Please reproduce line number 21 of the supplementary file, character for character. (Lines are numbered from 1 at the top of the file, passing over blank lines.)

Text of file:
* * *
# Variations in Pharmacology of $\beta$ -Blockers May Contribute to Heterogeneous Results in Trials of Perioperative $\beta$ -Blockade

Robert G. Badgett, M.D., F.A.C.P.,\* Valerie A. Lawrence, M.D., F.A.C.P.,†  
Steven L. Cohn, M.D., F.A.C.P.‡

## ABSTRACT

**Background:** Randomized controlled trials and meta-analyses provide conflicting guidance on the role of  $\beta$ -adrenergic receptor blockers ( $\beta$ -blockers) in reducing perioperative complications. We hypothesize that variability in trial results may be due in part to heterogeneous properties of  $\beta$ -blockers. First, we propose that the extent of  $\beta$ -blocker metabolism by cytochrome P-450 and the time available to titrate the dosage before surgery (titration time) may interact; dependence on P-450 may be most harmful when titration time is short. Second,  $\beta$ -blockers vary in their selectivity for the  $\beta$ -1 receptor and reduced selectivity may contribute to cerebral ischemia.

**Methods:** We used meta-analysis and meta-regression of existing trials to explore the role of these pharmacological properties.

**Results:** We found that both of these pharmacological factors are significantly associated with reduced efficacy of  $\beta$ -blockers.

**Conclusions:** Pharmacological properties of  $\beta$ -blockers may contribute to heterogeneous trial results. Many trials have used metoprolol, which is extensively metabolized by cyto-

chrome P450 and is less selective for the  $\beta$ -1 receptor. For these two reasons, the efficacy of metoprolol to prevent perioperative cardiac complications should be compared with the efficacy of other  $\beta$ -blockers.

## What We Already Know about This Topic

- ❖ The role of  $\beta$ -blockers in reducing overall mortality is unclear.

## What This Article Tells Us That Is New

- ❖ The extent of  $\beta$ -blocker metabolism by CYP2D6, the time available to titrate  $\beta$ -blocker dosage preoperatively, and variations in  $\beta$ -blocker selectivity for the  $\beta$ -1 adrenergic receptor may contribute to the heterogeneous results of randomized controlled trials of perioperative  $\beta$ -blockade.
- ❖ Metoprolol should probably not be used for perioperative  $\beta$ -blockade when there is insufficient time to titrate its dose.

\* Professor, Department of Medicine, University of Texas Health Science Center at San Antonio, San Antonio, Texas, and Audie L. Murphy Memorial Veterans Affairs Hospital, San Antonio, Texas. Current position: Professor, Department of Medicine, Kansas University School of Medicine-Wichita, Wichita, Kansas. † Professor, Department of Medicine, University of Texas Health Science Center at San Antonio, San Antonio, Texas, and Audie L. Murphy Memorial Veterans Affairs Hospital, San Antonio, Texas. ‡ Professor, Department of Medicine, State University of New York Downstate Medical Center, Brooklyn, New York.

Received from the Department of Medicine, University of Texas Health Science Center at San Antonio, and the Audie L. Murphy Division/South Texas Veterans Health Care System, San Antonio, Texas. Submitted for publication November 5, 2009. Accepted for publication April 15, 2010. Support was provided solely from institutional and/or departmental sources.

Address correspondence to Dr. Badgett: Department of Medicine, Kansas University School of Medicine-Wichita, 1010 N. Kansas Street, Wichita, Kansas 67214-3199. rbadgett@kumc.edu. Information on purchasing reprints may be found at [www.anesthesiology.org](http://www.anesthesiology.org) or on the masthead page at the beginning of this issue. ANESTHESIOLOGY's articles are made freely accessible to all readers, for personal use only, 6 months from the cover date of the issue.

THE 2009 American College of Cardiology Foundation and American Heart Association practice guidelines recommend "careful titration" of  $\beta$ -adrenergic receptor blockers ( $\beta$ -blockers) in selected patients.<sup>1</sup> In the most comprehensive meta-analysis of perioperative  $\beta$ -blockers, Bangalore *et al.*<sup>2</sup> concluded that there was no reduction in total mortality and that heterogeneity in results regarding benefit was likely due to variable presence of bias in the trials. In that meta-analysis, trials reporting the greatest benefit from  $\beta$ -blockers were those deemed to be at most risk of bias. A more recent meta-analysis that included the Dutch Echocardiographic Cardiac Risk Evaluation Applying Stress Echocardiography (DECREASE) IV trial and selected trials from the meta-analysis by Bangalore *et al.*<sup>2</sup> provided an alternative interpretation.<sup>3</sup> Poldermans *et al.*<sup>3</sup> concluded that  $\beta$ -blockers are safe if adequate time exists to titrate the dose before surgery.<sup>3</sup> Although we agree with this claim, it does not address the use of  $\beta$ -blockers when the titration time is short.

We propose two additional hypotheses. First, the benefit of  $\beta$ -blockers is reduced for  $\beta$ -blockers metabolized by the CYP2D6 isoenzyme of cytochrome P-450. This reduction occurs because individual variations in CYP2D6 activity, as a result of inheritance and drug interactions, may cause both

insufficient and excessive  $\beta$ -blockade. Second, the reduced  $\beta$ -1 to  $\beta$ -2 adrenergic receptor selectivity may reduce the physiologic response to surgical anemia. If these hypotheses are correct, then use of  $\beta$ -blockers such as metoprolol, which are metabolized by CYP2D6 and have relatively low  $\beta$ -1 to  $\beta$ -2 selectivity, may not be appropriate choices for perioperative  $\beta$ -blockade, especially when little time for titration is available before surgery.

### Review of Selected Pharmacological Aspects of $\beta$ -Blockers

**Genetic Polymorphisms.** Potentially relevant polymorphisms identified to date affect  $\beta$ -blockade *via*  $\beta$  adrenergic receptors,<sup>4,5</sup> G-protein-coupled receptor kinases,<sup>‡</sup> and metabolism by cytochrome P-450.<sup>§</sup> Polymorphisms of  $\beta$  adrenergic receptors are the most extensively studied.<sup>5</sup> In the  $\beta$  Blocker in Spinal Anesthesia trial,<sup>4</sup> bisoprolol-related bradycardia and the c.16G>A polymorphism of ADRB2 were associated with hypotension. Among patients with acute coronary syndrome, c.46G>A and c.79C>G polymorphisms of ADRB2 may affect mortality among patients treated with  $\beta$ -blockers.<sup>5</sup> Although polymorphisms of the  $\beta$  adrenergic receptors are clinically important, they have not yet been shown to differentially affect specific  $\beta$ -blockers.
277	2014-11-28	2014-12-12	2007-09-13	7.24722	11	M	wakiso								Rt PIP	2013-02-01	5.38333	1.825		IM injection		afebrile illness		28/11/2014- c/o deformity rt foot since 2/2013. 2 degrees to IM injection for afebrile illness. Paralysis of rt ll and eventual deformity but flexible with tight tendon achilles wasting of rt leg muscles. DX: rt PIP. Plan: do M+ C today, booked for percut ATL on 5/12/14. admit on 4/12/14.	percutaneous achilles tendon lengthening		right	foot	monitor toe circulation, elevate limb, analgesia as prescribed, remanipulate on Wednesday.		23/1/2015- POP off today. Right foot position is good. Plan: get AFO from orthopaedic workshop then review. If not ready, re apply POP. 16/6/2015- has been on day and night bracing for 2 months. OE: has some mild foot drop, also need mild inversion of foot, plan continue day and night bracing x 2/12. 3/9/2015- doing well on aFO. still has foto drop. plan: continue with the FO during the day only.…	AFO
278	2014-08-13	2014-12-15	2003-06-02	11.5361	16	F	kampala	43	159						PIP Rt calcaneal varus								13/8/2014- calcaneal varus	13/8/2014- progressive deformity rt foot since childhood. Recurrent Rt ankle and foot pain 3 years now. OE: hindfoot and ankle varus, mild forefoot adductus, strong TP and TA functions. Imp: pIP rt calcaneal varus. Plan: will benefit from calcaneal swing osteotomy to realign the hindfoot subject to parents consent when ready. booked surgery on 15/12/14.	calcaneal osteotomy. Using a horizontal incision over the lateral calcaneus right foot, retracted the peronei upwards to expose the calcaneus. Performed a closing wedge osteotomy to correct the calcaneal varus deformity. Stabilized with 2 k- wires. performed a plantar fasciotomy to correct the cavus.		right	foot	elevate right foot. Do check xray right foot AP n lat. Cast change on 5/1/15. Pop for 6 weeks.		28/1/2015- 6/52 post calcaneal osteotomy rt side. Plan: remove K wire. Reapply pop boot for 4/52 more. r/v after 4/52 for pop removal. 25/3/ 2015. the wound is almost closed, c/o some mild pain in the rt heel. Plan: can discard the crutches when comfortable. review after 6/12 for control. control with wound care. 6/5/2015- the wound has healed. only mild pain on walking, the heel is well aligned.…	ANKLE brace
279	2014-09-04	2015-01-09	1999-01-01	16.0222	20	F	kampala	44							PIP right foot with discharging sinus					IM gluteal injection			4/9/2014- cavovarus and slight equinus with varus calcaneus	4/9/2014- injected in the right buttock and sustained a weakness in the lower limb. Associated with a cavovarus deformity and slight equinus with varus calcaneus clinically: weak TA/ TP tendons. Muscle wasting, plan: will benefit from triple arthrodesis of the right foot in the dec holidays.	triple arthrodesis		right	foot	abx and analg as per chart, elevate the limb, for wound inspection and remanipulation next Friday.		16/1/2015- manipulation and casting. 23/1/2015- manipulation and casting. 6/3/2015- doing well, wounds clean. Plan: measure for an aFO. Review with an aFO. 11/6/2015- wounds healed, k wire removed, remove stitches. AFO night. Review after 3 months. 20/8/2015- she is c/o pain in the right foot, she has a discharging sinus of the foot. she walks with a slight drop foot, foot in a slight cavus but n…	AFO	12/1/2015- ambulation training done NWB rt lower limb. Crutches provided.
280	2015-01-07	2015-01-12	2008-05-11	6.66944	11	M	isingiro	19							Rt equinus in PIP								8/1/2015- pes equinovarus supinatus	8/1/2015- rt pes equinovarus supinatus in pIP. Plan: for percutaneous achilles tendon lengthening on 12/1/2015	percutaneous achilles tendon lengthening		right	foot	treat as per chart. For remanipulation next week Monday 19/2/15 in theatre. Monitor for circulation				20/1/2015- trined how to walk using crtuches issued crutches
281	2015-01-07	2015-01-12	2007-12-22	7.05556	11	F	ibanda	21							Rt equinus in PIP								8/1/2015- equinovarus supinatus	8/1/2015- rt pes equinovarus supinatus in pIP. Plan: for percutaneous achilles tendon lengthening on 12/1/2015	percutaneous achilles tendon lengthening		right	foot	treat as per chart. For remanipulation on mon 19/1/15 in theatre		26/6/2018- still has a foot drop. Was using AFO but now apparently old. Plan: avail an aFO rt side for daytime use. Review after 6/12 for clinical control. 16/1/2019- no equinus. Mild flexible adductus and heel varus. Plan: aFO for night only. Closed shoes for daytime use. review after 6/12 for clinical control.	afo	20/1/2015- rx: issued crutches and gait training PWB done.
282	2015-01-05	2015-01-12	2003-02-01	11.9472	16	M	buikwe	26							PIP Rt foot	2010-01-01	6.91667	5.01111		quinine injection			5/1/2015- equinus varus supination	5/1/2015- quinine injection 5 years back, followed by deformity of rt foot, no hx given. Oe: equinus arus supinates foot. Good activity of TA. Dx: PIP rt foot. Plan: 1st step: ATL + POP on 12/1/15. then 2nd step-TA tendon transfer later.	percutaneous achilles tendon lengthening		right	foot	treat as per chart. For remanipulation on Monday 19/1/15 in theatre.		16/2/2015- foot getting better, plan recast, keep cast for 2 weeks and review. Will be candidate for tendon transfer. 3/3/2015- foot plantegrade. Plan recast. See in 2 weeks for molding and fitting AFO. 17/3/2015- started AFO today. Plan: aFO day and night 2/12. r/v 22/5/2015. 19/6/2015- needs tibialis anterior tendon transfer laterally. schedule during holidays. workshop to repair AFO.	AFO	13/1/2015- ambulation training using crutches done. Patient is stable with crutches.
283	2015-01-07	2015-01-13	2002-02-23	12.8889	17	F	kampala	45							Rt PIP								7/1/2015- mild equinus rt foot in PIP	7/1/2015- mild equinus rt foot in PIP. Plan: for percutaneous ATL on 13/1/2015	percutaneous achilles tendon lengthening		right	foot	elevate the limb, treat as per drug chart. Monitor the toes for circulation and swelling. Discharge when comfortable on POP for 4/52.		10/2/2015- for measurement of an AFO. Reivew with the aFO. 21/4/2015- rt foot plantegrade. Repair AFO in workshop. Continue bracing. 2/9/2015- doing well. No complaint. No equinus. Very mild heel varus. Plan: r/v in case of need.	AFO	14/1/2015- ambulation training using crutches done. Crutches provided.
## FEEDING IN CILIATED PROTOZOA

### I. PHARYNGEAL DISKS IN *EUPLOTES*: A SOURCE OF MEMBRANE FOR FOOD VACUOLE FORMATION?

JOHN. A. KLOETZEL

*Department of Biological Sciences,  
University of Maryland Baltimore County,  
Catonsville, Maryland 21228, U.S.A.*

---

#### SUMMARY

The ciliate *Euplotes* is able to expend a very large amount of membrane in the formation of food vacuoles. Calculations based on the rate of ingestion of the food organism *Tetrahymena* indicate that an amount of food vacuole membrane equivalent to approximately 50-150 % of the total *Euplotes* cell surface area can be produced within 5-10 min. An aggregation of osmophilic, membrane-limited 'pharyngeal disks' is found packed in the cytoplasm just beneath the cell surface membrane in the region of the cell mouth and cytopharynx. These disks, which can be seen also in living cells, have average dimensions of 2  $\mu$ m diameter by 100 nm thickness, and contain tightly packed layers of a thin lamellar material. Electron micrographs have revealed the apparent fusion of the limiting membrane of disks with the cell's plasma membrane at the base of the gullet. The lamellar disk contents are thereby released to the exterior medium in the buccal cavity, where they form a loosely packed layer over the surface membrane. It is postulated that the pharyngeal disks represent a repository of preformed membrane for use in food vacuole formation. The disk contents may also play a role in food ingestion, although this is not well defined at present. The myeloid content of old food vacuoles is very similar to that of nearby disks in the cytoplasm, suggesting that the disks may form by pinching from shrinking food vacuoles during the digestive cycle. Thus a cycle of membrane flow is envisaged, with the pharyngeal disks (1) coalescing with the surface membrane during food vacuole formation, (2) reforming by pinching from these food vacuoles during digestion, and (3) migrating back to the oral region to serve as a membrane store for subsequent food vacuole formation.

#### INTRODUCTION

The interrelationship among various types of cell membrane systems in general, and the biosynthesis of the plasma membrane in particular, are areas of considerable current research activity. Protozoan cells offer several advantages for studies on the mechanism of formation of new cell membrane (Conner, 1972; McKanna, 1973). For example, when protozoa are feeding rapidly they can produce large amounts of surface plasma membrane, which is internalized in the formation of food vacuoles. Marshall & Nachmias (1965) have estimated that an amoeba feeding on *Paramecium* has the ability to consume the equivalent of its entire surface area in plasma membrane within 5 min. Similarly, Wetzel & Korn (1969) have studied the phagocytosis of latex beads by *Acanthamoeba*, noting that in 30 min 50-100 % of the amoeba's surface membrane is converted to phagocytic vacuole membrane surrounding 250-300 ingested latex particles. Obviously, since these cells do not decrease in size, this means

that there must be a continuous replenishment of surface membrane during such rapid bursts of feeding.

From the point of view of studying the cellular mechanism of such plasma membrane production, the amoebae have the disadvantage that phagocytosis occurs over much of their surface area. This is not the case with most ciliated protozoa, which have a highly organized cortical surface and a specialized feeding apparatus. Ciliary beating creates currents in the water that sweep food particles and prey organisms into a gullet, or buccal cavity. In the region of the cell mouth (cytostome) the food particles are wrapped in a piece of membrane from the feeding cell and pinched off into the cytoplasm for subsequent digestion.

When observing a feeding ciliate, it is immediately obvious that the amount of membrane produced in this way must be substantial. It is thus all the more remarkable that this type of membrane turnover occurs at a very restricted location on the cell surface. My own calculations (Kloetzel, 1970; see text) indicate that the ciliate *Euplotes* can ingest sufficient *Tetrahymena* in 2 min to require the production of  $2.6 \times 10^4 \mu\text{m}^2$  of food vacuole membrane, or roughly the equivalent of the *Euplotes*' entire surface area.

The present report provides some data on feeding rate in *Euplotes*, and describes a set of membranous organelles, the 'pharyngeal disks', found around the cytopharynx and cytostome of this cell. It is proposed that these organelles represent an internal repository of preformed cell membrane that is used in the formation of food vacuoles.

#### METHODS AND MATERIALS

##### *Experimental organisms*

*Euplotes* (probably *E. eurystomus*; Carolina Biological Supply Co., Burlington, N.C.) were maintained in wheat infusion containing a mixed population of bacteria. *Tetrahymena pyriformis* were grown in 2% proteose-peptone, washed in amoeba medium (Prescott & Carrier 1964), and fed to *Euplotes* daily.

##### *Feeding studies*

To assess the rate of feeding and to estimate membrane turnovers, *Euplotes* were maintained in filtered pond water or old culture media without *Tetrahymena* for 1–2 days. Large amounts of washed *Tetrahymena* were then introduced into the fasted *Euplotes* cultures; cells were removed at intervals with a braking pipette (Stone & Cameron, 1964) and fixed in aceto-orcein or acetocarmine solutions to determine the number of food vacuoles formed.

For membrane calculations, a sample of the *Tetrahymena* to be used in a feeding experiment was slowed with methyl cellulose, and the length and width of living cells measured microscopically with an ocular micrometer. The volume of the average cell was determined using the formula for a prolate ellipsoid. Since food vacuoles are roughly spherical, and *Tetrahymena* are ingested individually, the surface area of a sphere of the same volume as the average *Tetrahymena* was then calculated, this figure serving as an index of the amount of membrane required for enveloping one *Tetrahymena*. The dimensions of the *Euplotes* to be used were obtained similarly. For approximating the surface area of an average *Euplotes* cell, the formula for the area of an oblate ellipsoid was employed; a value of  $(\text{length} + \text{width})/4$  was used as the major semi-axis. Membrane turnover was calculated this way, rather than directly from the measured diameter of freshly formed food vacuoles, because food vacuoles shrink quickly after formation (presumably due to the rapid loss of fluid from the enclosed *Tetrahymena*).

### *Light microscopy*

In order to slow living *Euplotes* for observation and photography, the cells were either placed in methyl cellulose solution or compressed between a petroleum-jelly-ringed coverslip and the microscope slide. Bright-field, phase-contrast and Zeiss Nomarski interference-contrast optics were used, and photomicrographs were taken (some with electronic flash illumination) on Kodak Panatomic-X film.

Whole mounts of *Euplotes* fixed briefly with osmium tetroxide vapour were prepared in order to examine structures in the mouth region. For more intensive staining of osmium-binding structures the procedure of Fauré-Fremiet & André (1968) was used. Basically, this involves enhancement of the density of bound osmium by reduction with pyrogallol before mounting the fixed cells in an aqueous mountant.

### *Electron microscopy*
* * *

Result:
### Review of Selected Pharmacological Aspects of $\beta$ -Blockers